My point here is not in any way to defend Hamas’ use of rocket fire indiscriminately aimed at civilians, nor to question Israel’s right to defend itself militarily (it certainly has that right), but instead it is to address two very important strategic questions: a) whether Hamas can be trusted to comply with any agreements, and b) to consider the strategic effectiveness of Operation Cast Lead.

 The facts seem to indicate that Hamas can be somewhat trusted to comply with agreements.  The cease-fire was enforced pretty well by Hamas leadership.  Although the Hamas charter is an abhorrent document that cannot be ignored, and it is clear that there are people both inside Hamas and in other organizations like the Al Aqsa Brigade and the Islamic Brotherhood who clearly continue to seek the destruction of Israel and the killing of all Zionists anywhere in the world, the evidence provided by the cease-fire is that there are more moderate and pragmatic elements within Hamas who were strong enough to control the more radical elements.  In addition to this circumstantial evidence, I have heard the same from people who have met directly with Khalid Mashaal and other Hamas leaders.  My argument is that both Israel and the United States are better off supporting the moderate elementsRejecting these moderate elements only strengthens the hands of the radical elements.  That is seemingly not in Israel’s long-term best interests.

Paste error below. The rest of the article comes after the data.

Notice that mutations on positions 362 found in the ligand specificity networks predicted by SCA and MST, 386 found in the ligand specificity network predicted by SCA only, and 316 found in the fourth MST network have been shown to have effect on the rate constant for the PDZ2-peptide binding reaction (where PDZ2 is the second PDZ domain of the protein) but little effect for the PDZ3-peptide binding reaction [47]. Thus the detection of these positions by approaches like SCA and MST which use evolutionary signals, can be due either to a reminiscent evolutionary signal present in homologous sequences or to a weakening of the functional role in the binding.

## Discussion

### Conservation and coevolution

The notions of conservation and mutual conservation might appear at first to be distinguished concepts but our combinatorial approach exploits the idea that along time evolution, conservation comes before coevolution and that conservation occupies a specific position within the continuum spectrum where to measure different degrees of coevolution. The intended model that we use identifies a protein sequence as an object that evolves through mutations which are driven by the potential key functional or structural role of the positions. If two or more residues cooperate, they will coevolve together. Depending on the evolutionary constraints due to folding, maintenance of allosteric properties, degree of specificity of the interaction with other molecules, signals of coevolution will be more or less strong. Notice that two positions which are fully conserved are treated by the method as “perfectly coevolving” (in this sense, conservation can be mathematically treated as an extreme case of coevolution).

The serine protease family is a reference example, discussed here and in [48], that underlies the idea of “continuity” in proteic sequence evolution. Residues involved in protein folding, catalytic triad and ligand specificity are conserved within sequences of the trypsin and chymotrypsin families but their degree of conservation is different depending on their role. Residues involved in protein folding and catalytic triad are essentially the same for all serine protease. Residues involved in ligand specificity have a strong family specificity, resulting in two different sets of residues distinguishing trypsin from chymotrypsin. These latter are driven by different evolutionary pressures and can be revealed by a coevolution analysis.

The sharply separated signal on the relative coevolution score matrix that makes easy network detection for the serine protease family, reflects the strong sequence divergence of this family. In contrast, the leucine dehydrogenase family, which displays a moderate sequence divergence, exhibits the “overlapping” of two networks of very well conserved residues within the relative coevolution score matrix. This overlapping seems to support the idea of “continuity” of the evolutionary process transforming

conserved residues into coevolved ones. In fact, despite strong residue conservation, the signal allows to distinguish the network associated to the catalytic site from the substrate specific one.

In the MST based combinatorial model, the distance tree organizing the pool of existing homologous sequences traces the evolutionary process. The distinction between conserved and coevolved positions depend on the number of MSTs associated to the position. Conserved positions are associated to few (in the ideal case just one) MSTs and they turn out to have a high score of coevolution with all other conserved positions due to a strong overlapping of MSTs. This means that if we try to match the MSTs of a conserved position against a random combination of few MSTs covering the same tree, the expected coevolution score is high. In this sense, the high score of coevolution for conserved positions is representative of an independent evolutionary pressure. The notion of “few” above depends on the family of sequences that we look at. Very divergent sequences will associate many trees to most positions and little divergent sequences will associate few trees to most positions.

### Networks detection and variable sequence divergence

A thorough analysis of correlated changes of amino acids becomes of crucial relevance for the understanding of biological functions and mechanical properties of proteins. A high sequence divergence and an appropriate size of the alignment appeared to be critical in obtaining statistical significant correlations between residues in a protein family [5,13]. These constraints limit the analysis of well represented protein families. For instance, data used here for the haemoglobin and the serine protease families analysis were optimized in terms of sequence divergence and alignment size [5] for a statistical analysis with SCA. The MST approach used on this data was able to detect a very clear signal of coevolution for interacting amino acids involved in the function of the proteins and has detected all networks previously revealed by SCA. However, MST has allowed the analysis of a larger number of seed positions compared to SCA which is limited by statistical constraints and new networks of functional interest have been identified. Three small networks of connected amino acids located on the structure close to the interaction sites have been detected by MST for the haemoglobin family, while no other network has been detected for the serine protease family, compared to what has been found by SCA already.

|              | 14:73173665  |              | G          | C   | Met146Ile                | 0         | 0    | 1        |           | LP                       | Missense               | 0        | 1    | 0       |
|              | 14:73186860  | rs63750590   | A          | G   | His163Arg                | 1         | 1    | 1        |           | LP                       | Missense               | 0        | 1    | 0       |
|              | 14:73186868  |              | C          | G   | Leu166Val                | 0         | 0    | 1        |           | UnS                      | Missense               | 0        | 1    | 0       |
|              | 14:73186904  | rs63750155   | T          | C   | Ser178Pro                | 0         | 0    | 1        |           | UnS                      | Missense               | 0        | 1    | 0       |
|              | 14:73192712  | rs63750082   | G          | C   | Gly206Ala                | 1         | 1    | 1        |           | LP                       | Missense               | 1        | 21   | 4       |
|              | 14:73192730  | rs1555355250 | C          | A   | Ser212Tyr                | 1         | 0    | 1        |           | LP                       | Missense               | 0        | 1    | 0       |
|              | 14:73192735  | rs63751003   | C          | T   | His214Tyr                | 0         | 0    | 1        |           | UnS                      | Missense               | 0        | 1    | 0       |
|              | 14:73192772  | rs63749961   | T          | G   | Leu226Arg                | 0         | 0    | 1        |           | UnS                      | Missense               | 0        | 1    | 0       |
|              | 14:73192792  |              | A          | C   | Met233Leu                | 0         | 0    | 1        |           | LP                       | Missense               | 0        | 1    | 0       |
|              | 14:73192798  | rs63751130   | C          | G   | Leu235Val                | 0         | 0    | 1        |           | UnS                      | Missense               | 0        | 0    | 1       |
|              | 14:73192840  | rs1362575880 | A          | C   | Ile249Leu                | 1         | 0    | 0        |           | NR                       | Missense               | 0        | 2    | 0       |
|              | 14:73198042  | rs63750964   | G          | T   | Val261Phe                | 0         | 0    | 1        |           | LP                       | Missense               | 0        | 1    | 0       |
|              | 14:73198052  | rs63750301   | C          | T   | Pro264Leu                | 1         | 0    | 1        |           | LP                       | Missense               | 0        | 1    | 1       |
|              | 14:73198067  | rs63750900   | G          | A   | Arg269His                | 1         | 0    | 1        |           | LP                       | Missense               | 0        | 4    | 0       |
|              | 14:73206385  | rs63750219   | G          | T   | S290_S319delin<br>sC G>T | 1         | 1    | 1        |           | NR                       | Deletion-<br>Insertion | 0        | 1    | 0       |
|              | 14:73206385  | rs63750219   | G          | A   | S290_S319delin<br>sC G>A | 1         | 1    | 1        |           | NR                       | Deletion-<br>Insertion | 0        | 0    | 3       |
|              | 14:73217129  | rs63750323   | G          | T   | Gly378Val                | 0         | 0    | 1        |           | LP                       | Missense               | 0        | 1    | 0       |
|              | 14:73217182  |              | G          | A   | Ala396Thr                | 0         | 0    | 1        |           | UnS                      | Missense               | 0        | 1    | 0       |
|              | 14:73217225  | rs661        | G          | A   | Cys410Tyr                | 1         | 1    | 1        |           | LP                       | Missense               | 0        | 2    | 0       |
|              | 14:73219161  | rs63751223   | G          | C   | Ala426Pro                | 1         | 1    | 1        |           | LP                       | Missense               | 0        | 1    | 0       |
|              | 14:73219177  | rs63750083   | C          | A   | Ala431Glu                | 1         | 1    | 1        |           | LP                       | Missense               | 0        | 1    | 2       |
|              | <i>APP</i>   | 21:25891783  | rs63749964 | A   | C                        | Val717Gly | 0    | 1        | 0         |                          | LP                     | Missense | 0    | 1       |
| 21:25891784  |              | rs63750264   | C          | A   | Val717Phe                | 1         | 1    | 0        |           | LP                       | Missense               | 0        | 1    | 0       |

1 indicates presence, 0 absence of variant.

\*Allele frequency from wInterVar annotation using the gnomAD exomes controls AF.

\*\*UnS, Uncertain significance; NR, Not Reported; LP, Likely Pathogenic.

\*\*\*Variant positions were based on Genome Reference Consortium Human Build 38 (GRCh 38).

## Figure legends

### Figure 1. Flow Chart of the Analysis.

This is actually supported by evaluating the current situation post-Cast Lead.  Reports indicate that there are now twice as many rockets (with both enhanced range and guidance systems) in Gaza as there were before Operation Cast Lead.  Would it have been better or worse without Operation Cast Lead?  No one can say.  But I think that one can say that the strategic threat from Gaza is much worse today than it was in July-October, 2008 during the cease-fire.  As Secretary of State Clinton said during her speech at the 2010 AIPAC Policy Conference, technological developments are not necessarily on the side of the Israelis.  Iron Dome is an amazing technological success.  But I don’t think it is a strategic success.  Why?  Each Iron Dome missile reportedly costs close to $35-50,000.  Each of the 40,000 Hamas’ rockets (and presumably a similar number of Hezbollah’ rockets on the Lebanon border) cost hundreds of dollars each, let alone artillery and morter shell.    So, even without a nuclear weapon, Iran’s de facto control of these organizations poses a very real existential threat to Israel’s population today.  I have heard all of the arguments against “linkage” and I agree that the Israeli-Palestinian conflict is not the cause of Islamic jihadism, however that it does not automatically follow that the converse is not true.  That is, I think that the creation of a Palestinian state could be the biggest blow to Iran’s aim for increased hegemony in the region .  (But that is an entirely separate topic).